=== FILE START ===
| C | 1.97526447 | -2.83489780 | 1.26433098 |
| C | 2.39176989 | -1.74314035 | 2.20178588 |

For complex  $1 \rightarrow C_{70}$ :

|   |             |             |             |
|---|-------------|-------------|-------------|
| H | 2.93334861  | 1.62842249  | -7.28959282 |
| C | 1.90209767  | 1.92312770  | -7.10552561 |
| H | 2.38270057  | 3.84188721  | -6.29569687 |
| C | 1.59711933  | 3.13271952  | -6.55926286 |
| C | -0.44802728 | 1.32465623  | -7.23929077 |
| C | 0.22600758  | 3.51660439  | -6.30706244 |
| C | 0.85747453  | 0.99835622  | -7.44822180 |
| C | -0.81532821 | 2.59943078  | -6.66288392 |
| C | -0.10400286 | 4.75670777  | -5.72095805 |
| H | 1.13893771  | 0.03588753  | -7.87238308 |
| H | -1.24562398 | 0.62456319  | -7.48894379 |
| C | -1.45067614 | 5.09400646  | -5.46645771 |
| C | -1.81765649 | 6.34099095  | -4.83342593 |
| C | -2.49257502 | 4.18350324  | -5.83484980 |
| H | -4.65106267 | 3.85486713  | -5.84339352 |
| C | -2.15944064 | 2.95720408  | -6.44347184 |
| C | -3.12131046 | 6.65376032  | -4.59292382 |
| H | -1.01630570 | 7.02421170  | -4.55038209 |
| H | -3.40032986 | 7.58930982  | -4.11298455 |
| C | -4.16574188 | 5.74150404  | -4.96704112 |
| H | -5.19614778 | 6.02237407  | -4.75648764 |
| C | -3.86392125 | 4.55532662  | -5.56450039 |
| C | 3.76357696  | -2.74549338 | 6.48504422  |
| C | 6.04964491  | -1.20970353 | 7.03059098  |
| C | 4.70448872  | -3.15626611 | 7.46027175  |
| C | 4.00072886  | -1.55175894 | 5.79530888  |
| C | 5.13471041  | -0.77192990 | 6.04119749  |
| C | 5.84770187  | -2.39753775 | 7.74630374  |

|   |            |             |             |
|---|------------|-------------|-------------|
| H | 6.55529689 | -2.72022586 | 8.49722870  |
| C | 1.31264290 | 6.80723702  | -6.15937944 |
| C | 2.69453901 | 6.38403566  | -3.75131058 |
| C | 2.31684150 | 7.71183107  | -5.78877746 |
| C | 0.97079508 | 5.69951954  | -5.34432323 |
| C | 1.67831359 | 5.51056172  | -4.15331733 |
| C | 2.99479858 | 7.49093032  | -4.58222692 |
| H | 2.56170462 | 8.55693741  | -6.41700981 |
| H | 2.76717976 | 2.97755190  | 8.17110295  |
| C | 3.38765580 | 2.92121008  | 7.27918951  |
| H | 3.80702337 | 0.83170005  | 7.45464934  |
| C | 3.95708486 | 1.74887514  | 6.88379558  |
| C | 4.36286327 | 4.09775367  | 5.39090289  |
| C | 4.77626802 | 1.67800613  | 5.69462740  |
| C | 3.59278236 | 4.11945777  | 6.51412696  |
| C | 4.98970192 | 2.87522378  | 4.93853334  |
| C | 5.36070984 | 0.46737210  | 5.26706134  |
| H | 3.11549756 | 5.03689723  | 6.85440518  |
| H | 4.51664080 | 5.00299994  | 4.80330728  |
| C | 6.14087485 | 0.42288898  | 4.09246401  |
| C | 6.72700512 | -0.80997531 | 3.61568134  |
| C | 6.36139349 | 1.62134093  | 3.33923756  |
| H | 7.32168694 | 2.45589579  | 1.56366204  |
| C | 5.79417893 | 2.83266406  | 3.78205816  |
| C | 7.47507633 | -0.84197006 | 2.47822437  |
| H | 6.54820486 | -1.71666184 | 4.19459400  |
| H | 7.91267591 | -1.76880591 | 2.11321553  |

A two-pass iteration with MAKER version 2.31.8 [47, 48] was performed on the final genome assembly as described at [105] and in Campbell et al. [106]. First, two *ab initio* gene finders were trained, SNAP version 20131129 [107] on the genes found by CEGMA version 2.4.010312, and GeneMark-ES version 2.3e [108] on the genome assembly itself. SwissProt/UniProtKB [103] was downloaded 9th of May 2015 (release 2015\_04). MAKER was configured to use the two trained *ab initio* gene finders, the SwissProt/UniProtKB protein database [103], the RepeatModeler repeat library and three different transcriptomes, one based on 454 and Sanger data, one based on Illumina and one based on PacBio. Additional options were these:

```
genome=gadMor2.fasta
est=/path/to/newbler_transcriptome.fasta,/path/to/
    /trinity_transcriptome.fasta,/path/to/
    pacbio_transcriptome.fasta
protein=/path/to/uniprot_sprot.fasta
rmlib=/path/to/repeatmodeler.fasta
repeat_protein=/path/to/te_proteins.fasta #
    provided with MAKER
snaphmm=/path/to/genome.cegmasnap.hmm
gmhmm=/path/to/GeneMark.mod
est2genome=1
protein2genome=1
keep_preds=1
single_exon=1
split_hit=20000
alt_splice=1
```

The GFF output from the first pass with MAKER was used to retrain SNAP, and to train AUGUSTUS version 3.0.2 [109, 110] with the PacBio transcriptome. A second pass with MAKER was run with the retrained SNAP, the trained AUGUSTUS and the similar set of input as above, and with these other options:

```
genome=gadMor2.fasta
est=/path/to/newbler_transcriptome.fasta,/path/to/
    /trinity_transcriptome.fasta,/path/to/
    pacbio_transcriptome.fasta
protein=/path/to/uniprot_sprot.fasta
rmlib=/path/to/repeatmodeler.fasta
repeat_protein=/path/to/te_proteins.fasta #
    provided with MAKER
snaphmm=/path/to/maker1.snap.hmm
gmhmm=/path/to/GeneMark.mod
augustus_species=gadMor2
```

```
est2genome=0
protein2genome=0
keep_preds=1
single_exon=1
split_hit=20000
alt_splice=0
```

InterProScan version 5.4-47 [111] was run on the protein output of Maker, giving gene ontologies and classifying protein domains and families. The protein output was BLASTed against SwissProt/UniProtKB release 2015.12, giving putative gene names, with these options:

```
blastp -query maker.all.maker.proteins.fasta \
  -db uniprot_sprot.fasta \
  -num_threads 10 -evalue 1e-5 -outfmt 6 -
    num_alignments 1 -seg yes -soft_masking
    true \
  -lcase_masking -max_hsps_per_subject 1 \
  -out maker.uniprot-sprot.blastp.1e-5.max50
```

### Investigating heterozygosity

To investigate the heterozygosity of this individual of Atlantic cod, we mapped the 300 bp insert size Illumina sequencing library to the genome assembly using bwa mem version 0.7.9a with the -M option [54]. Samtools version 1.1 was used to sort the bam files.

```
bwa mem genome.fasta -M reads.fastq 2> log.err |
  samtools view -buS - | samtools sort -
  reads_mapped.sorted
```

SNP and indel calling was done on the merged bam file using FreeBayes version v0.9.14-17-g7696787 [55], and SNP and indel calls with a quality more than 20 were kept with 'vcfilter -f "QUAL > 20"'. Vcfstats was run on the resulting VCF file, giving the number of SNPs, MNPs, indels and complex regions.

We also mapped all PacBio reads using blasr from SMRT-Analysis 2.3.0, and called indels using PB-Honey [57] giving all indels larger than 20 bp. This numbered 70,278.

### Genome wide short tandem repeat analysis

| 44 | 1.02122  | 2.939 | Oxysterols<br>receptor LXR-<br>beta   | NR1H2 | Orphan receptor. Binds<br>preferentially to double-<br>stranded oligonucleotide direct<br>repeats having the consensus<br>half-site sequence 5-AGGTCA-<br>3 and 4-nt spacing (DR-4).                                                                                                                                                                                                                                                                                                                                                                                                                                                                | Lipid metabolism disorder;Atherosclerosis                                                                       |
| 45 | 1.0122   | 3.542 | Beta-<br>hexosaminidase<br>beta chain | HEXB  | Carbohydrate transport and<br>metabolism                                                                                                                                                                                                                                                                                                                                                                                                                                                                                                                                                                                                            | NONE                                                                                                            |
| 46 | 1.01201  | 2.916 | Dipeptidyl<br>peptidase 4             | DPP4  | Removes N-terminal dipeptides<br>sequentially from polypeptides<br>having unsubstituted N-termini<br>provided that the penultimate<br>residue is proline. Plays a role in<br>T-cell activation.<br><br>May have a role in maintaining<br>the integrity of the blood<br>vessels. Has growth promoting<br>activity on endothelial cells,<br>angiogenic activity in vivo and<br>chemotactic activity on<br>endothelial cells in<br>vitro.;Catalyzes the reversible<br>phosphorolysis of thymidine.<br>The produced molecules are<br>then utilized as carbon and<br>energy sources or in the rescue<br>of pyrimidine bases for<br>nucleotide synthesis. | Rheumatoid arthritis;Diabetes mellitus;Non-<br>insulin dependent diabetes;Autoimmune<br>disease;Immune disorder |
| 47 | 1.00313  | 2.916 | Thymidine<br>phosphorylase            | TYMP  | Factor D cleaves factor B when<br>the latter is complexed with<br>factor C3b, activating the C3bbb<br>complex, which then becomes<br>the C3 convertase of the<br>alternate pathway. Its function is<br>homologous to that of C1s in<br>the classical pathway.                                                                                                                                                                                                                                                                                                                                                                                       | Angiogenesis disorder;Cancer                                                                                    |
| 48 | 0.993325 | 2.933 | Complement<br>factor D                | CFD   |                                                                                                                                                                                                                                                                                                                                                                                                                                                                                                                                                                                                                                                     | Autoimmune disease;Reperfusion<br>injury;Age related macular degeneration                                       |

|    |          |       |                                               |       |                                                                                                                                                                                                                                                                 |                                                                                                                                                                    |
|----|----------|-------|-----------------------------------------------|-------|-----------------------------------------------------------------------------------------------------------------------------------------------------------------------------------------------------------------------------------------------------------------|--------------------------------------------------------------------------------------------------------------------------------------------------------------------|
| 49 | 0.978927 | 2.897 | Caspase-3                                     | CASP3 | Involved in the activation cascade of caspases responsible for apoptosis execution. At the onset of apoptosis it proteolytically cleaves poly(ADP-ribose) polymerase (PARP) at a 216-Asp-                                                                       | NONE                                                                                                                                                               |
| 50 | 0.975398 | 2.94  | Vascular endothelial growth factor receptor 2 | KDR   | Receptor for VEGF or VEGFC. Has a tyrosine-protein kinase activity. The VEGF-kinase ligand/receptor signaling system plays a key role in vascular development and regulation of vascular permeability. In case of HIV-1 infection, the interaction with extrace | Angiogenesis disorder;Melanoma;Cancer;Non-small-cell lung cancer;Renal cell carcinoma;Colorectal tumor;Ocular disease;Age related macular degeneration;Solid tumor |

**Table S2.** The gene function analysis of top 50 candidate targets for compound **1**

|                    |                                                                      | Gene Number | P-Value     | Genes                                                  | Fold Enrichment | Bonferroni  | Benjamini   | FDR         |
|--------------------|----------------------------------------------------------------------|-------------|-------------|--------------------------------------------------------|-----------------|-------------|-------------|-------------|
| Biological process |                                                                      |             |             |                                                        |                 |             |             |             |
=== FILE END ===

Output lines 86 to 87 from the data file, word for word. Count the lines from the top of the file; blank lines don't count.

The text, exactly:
    /trinity_transcriptome.fasta,/path/to/
    pacbio_transcriptome.fasta